June 24, 2015's Weekly Slap:


“Beach Slapped” is what it is because from the moment I first came to the Oregon Coast, most every moment I lived here, and even my last hours here, it was always about the beach. That wasn’t always true of my life, and perhaps that’s been my problem.

Growing up in Colorado, I was a long way from the beach. I don’t care what anyone says, lounging next to a giant lake/ civic water supply is not the beach.


BartonGroverHowe.com:Where to keep up with humor writer Barton Grover Howe. Here, you'll find all of his Beach Slapped columns from The News-Times in Lincoln County, Oregon, excerpts from his latest books and the occasional random musing that would get him fired if he published it in a family newspaper.
Superbowl Monday, China style
- January, 2001
TAIPEI-Ah, the memories: A bad football game, rotten and repetitive commercials, bleary-eyed friends and pancakes soaked with beer.

There’s nothing quite like Superbowl Monday.

More than 1 billion people around the world are said to watch the Superbowl live every year. Of course with time zone changes, people are in Europe watch the game closing in on midnight. In Asia, they watch the game with the next day’s rising sun.

            Which is why two friends of mine and I found ourselves perched in Dan Ryan’s, a Chicago themed sports bar in Taiwan’s capital.  Rising at 5:30 a.m., we headed out early to get a seat for the 7:18 a.m. kick-off.

            There are two types of people watching America’s biggest sporting event at this hour of the morning: American ex-patriots visiting or living in Taipei, and a smattering of Chinese people trying to understand football. Not the easiest thing, even when it’s not dawn.

Indeed, this is the big game about as far from the living room sofa as it gets – both literally and figuratively. Start with the fact that football was never meant to played or watched in the morning.

It’s football, so there are Buffalo Wings and nachos and all those wonderful football foods. But it’s also breakfast, so toss in a good helping of pancakes and bacon.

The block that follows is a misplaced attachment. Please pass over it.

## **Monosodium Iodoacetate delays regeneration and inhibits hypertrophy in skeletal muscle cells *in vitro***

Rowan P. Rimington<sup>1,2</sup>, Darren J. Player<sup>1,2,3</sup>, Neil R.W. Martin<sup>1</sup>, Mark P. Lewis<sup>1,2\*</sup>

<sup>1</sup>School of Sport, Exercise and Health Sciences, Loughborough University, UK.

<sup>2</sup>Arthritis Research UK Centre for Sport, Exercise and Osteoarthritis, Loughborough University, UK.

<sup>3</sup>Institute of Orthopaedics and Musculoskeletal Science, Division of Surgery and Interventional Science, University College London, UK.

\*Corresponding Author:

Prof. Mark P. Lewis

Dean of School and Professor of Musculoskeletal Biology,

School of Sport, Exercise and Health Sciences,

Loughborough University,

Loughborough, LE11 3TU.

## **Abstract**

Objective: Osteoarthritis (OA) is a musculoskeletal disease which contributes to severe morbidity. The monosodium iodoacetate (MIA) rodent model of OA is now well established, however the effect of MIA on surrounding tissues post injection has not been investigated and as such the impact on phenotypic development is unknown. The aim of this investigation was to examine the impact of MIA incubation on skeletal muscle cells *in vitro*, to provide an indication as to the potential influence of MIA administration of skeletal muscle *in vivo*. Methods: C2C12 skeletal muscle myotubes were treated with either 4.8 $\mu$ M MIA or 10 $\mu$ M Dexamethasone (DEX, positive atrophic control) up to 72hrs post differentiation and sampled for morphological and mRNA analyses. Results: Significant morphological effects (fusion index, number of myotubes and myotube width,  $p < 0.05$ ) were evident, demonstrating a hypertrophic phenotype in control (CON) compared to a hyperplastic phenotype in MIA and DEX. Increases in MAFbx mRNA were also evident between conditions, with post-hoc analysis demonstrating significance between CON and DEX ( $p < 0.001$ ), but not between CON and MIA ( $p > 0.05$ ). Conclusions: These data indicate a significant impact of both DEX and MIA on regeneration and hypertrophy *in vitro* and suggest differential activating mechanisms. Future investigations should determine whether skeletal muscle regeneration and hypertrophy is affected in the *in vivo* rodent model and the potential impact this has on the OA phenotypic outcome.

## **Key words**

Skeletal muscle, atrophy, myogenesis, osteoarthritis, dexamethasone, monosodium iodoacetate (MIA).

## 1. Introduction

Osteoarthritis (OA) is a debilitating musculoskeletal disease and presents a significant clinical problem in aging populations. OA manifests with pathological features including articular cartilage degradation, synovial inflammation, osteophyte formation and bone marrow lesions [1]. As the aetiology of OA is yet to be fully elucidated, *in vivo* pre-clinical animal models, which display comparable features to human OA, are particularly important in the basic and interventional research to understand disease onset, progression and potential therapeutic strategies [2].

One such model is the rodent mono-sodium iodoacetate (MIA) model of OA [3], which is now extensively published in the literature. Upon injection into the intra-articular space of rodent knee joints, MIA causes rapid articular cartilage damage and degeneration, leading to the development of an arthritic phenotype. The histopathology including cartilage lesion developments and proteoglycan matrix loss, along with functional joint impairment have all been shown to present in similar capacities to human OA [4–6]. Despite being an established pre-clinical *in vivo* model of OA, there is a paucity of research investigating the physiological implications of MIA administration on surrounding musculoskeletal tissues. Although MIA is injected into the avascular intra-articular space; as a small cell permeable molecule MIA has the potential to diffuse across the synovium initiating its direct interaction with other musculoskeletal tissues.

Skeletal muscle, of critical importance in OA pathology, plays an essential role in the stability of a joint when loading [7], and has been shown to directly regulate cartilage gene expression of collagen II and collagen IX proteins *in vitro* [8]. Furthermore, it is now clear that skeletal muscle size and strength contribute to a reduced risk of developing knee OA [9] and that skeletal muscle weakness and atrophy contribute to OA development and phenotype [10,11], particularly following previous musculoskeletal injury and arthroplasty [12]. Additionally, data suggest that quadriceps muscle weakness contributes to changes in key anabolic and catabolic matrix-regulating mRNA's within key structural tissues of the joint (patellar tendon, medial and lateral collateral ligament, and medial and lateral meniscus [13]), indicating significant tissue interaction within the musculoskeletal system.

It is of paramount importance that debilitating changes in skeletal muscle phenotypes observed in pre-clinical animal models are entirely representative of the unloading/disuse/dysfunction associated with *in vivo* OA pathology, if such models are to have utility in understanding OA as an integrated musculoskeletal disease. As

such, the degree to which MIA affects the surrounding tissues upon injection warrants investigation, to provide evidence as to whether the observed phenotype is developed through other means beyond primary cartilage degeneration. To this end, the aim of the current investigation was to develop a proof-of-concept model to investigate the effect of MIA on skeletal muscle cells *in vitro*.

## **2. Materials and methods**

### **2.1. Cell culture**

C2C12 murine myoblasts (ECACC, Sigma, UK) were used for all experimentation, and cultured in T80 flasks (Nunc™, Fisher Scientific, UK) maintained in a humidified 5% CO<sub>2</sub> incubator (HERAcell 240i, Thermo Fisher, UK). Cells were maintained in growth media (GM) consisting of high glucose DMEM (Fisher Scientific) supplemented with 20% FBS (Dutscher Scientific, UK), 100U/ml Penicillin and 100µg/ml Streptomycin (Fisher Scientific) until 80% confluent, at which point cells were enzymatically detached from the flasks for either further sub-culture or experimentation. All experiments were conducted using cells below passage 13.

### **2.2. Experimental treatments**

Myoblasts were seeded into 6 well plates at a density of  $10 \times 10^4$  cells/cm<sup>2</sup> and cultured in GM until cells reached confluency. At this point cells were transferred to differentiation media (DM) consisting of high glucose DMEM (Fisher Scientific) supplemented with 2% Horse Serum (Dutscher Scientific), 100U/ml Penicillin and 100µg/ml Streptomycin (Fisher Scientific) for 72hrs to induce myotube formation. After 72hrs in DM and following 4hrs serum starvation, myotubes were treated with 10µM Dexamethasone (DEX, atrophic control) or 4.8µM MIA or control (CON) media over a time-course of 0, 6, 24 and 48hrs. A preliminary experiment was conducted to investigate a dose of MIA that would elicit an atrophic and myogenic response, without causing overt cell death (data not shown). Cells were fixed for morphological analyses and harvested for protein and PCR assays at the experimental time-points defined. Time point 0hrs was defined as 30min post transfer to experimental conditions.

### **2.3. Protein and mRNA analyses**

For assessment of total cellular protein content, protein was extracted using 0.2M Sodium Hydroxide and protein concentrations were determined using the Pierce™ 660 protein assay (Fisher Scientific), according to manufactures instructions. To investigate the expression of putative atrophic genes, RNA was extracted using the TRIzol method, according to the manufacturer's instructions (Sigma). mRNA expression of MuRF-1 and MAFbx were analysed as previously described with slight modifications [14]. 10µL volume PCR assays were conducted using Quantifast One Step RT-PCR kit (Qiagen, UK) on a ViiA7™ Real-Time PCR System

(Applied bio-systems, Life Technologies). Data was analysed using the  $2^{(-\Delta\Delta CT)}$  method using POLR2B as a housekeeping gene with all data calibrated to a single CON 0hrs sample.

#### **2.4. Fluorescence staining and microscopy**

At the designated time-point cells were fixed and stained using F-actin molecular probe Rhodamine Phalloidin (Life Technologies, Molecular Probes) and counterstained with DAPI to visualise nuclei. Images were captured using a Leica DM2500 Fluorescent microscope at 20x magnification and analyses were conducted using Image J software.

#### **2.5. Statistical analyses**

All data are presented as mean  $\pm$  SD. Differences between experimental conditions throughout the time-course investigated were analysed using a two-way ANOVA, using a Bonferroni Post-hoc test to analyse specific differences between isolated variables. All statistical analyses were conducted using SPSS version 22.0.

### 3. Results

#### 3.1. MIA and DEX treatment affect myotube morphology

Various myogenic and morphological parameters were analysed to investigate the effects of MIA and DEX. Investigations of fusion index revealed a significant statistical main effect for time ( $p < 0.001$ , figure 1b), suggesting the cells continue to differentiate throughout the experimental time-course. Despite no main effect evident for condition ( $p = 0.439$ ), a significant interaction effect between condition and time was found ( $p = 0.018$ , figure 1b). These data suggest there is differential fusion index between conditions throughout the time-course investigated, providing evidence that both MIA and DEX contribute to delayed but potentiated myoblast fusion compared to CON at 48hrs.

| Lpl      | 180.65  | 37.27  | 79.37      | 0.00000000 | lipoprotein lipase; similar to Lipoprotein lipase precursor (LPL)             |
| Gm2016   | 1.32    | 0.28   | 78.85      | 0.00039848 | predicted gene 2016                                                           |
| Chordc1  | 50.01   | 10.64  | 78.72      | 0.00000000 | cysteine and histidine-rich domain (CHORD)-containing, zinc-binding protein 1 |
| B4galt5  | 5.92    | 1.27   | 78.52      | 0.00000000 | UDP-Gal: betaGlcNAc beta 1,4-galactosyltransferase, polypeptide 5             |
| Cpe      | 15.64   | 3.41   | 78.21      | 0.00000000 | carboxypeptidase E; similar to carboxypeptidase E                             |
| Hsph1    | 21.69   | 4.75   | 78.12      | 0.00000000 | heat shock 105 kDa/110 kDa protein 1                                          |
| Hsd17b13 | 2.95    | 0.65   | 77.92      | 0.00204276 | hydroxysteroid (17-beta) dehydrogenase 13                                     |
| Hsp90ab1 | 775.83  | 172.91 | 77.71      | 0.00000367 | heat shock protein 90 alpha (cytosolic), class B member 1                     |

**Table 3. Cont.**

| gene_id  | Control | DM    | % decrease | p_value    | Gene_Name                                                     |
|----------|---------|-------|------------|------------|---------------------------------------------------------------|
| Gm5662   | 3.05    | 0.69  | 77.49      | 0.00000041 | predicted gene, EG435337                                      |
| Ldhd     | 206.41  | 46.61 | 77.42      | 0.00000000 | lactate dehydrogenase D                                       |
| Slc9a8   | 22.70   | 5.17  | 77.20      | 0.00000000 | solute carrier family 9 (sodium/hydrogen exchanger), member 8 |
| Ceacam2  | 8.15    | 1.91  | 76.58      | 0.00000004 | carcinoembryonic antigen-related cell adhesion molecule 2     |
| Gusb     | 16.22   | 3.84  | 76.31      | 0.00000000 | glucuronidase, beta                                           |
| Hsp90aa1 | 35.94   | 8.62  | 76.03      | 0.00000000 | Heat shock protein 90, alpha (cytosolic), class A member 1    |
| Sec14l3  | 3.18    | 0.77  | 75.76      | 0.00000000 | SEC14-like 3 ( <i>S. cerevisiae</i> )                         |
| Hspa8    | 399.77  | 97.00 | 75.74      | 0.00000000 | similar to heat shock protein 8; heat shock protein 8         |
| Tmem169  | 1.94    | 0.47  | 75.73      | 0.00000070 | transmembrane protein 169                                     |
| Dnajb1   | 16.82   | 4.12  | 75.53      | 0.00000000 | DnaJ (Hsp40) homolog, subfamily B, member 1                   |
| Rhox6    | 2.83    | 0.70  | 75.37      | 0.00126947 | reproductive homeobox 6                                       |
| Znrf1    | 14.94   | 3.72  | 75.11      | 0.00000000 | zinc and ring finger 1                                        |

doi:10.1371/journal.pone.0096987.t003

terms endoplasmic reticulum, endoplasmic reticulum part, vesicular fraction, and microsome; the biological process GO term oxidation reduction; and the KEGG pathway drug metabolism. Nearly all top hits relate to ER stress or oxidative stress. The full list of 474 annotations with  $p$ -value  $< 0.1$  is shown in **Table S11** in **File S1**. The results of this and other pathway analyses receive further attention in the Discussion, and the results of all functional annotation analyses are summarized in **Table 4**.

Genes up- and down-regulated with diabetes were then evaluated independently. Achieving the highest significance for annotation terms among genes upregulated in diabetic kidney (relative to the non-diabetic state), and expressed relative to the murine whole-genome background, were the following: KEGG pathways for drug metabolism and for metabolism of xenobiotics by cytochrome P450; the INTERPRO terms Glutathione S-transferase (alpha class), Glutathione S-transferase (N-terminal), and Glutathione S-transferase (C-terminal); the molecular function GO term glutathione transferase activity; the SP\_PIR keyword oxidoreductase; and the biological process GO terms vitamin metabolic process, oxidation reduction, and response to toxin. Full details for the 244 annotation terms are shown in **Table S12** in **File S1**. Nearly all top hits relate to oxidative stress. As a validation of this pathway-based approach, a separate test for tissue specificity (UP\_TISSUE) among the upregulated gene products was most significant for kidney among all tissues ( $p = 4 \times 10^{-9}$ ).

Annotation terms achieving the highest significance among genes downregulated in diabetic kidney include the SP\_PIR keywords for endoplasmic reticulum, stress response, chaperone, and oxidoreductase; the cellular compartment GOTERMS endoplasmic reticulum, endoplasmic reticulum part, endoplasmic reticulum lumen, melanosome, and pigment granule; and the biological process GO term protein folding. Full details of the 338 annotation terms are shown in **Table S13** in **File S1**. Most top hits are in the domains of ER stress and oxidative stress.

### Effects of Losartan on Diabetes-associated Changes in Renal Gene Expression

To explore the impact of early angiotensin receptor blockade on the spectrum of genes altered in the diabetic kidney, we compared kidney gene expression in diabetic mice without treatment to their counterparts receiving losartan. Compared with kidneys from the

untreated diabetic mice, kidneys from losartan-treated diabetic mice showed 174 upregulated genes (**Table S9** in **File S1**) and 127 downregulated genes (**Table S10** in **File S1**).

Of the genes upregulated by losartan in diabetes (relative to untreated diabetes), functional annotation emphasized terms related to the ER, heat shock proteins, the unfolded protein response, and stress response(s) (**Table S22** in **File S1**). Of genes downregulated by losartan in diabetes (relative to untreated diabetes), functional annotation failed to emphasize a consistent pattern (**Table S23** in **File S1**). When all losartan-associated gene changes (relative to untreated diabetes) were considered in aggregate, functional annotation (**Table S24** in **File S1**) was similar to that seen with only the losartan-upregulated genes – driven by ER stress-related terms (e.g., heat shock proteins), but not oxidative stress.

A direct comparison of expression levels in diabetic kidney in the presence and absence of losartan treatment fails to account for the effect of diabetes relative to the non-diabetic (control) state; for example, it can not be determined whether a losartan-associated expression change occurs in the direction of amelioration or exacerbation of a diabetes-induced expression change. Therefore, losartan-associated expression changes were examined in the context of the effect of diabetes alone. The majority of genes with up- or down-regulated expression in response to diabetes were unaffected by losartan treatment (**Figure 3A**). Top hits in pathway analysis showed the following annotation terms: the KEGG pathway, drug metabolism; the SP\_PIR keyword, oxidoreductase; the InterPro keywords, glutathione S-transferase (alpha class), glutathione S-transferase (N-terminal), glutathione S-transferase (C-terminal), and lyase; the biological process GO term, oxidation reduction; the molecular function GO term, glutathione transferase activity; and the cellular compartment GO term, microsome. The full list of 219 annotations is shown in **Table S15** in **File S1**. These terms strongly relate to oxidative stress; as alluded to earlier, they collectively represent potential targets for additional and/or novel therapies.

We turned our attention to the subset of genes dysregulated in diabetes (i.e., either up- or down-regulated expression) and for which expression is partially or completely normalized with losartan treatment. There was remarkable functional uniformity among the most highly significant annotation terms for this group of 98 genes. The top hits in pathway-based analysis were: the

It’s football, so there are great deals on pitchers of Miller Genuine Draft and Lite beer. But it’s also breakfast, so throw in some Bloody Mary’s and Screwdrivers.

            And it goes on and on: ketchup accompanies maple syrup, eggs mix with French fries, and food groups that were never meant to go together find themselves sharing a plate. In moments of excitement, MGD topples onto a pancake, and a new snack is born. (Don’t look for it at your local sports bar soon.)

            The commercials also stink. In most parts of the world, ESPN’s international division buys the signal feed from whatever American network is broadcasting the game that year.  ESPN in-turn makes its money back by selling commercials. Unfortunately, English-language commercials in Taiwan seem to be in short supply, so they show the same commercials maybe 10 to 15 times during the game.

            And they’re terrible. With a warped view of American culture and at times spotty English, their depths of cheesiness is almost impossible to describe. Imagine the geniuses at Furniture Factory Outlet Shanghai-ed the sponsorship of the Superbowl, it you would be close.

The worst thing about not having commercials is that it serves as a constant reminder of how terrible the game usually is. Even in Taiwan, attention wanders during a blow-out and in a desperate attempt to hang-on to their not-yet hung-over patrons, bar owners resort to diversionary tactics.

During the boring parts – everything after 9:36 elapsed time – trivia games fill the time, and soon a local has an answer: “Brett Fahv-Ruh!” he yells, and reveals yet another downside to letting people learn English from Farrelly brothers movies.

Sensing another horrible game – and more beer on their pancakes – many of the Americans tend to leave early. A few hours of sleep might still be possible before the work-week begins, and in any case a lousy game is a lousy game.

Indeed the monotony of the game is almost expected. But even 10,000 miles from America, there is one other universal constant to the Superbowl: if New York is playing, everyone roots for the team playing against them. The Ravens, the Broncos, Manchester United, the Uruguayan Girl’s Choir; if it’s not New York, it must be good.

When the anti-New York team scores, everyone screams and cheers. When the New York team scores, everyone – well, let’s just say it’s a chorus of something else.

            Even in Chinese, some words don’t need to be translated.